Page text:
Poker Talk Many players, especially in low-limit games gives clues away by talking about their cards This kind of poker talk is sometimes …
Of all the numerous dos and don’ts of poker etiquette, few rules are more confusing or controversial than the rule against talking about your cards while the hand is in play; poker talk. This can happen many different ways, and it is considered by turns rude, unethical, legitimate strategy, or just plain illegal, depending on the context and where you play. Any time you talk about the cards while the hand is still going on, you are giving away information, exerting an unnatural influence on the other players who are still in the pot.
At best, when the pot is heads-up and you are one of the two remaining players still in, this kind of poker talk is considered just another form of the psychological warfare that is undeniably a part of poker. At worst, most of the rest of the time in poker talk, you are giving an unfair advantage to other players yet to act. This is why the rule exists. Protection against collusion is also a factor.
Even after you have folded your hand, you should never carry on with poker talk and tell the other players what cards you held until the hand is completely over. Let’s say five players see the flop and it comes down Q-Q-7. Then one of the players who folded complains: “Shoot, I just threw away a Queen!” Now, let’s say one of the players still in the pot holds Q-3. Normally, he would be very worried about the possibility of some other player holding the 4th Queen with a better kicker. But not now. He knows his hand is golden because of the poker talk, so he can bet and raise with impunity, because the only hand he has to fear at this point is pocket 7s. Christmas came early for Mr. Q-3, courtesy of the clueless player who blabbed to the whole table about his folded Queen with his poker talk. Unfortunately, this sort of thing is all too common, especially in the lower-limit games.
But what really gets people’s dander up is when some players talk about their cards during the hand, in a deliberate effort to goad and manipulate their opponents. Usually this happens when a player has made a big bet or raise, and his opponent is considering a call. The poker talk might go something like: “I have Aces,” “I have the nut flush,” or even “I don’t have the flush,” “I just have a pair,” and so forth. Sometimes these statements are a complete lie; other times they are absolutely true. That’s where the mind games begin.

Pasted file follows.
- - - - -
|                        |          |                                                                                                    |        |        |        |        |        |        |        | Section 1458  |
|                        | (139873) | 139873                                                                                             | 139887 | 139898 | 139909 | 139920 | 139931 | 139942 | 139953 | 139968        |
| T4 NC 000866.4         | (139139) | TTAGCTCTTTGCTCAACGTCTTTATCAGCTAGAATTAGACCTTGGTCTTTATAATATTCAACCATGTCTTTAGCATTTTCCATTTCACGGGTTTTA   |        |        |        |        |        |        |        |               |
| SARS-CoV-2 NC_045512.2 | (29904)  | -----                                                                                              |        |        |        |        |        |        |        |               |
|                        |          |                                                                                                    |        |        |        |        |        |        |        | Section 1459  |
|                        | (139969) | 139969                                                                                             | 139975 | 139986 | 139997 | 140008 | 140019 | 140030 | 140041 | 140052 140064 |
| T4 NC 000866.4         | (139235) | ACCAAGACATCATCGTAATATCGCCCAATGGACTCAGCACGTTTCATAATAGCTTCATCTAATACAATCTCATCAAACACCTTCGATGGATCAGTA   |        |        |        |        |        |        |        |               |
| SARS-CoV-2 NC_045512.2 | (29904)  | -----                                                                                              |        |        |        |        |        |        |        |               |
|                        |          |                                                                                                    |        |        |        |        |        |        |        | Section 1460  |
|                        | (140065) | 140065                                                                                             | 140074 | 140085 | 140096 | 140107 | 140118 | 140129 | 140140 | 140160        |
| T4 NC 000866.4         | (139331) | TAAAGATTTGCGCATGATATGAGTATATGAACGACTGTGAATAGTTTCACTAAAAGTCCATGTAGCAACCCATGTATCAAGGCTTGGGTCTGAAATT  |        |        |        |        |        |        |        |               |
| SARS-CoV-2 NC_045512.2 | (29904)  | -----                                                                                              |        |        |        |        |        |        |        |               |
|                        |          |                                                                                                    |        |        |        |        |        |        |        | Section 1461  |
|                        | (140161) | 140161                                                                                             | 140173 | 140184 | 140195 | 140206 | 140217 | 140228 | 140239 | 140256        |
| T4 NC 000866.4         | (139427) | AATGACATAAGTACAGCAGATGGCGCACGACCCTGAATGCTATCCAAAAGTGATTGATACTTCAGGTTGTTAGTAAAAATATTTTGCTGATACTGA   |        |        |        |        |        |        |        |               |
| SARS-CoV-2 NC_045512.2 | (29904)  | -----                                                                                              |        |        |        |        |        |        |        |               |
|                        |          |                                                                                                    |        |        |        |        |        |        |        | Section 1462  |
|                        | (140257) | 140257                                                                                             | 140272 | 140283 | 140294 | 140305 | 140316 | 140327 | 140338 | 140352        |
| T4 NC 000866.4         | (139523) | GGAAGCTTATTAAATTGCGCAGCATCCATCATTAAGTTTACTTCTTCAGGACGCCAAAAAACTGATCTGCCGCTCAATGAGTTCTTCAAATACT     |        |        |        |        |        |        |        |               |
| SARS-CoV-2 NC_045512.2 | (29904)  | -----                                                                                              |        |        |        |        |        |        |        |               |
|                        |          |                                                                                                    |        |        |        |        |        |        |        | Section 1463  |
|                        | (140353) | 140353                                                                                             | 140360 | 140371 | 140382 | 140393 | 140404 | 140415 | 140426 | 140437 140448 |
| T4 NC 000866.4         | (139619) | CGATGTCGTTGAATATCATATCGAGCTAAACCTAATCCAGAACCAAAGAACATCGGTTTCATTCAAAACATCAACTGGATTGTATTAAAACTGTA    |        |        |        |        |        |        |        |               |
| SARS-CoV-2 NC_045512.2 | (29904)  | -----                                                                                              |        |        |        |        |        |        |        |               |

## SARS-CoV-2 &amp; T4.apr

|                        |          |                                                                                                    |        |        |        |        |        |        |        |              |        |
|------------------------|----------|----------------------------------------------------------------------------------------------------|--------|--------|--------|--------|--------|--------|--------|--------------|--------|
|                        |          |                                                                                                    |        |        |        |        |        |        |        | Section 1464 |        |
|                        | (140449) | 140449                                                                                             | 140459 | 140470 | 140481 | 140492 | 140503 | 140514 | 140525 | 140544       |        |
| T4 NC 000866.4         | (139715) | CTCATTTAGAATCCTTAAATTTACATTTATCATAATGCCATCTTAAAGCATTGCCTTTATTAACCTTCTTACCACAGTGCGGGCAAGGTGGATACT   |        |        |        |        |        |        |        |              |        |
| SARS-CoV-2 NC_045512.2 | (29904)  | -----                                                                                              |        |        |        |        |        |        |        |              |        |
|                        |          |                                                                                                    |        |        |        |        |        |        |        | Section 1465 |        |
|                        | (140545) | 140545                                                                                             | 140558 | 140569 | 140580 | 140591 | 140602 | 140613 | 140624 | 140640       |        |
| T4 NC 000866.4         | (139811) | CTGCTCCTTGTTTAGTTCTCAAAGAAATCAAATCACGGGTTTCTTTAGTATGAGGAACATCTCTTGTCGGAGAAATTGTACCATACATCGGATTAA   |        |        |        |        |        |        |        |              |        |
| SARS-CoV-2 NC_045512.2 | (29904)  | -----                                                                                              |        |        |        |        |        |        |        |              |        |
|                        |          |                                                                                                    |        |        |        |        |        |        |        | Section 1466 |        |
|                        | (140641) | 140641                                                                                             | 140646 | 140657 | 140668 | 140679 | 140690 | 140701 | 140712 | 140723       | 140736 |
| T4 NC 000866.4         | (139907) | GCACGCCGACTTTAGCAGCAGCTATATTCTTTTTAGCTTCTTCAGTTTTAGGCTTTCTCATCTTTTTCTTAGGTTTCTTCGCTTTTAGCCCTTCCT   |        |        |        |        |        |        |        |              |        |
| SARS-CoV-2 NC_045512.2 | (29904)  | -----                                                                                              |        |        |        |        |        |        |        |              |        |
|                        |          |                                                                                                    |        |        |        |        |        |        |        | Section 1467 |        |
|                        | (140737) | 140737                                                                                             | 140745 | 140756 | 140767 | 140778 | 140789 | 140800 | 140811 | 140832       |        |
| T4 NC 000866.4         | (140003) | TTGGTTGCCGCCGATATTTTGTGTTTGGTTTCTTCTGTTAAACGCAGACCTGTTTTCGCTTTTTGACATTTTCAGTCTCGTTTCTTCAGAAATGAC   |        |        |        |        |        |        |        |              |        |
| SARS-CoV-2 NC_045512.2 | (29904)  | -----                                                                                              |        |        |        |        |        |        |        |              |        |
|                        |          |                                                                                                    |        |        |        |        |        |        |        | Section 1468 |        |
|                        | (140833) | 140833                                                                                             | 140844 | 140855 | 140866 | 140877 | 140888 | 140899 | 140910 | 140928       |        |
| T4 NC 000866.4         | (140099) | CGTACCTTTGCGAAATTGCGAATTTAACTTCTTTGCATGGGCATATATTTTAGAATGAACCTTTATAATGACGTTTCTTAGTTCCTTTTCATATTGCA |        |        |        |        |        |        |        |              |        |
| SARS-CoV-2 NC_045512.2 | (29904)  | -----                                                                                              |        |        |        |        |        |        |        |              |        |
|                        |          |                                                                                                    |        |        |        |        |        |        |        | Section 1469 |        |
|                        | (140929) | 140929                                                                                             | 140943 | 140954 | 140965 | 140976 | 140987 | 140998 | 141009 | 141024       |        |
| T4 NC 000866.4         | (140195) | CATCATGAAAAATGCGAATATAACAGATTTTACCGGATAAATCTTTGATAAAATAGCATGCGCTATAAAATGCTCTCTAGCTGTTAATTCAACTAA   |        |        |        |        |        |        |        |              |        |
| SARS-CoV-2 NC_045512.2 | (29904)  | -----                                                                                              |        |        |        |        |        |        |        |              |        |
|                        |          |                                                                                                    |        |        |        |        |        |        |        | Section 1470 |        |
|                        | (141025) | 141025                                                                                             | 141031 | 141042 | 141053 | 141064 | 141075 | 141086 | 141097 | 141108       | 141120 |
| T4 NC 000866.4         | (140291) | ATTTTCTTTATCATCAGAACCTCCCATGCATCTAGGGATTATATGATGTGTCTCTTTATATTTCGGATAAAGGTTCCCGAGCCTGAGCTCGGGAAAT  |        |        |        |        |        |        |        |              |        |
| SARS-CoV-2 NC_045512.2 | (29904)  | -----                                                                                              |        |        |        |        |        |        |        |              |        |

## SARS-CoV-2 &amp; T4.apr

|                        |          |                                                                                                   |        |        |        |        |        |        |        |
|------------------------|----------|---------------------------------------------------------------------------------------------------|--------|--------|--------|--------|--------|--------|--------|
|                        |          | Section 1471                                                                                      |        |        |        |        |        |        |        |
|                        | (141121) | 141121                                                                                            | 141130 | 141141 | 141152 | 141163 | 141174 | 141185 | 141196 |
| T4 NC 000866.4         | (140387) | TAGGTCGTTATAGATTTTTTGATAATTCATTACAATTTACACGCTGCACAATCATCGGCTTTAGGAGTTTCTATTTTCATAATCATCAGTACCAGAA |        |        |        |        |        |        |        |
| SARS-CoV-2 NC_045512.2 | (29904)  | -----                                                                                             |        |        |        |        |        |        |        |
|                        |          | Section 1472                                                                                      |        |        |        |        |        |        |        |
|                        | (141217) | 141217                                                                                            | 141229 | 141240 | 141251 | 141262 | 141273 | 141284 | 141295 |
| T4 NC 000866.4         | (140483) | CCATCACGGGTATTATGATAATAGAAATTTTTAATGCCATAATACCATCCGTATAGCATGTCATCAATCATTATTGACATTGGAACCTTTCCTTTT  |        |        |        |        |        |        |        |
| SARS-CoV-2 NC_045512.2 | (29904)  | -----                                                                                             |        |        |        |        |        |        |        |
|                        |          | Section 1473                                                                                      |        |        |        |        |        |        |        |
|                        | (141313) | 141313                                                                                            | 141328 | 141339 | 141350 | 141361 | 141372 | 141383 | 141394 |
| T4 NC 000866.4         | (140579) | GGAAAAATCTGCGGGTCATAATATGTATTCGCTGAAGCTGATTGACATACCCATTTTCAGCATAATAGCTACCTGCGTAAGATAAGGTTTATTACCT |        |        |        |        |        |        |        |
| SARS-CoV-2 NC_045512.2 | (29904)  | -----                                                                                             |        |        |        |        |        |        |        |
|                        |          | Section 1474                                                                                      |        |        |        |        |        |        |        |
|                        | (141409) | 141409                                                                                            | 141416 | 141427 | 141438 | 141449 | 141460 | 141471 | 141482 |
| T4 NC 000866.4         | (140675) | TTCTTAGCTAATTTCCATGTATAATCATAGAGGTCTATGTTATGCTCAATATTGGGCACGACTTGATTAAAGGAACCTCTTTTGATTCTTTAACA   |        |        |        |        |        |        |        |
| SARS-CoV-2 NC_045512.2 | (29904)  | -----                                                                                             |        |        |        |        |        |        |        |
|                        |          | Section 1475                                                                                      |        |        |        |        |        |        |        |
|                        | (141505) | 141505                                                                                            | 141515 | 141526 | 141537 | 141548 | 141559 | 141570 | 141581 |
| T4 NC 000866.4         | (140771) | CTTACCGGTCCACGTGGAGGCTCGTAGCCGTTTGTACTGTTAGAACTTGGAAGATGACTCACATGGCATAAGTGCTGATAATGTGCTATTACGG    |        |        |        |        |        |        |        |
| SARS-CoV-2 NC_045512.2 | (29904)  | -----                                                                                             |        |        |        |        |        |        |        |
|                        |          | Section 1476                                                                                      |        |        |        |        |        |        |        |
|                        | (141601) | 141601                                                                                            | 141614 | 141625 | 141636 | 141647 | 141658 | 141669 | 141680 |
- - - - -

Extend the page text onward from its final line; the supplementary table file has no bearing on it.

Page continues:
In regular cash games, players can often get away with this type of poker talk, depending on the location. In tournaments, this is illegal, although the technicalities can vary somewhat from one tournament to another. In a curious twist, some poker tournament rules that it is perfectly legal to engage in poker talk about your cards while the hand is in play as long as you are lying. But if you are telling the truth; big no-no, broken rule, get a penalty. Penalties can range from killing the hand, awarding to pot to the other player, to forcing the offending player to sit out of the tourney for a set amount of time, while his blinds and antes continue to be posted.
You’ve probably seen professional players in televised tournaments probing their opponents with questions like “You have a pair?” “You have Ace-King?” “Did you miss your flush?” and the like, all while the hand is still in play. This kind of poker talk is different, and this is legal. Here, the pros are simply trying to coax information from their opponents. Nine times out of ten, they know perfectly well the opponent is never really going to answer the question, at least not truthfully. But they want to hear how he responds to their inquiry, to help get some kind of read or tell on how weak or strong he feels in the hand.
Even though poker talk of specific cards is often allowed in ring games, that still doesn’t necessarily make it good poker, or a smart thing to do. More often than not, it alienates the other players and creates an atmosphere of animosity at the table. This is a form of psychological warfare, and for some poker players that makes talking about your cards a perfectly legitimate tactic to use in the game. But for many other players, it’s unsavoury, it’s unethical, and it just doesn’t pass the smell test.
Yes, poker is a game of misdirection, a game of lying, a game of trying to manipulate your opponents. But if you want to goad an opponent into calling you, or folding, there are plenty of other ways to achieve this without getting into a discussion of specific cards. Many times you can accomplish the same thing with much more general statements. “If you call me, it’s all going to be over,” “I have the best hand,” “I don’t believe you have it,” and other statements of that nature can usually achieve the same result, without getting into that icky, semi-legal, hardly-ethical grey area that’s probably only going to make your opponent angry.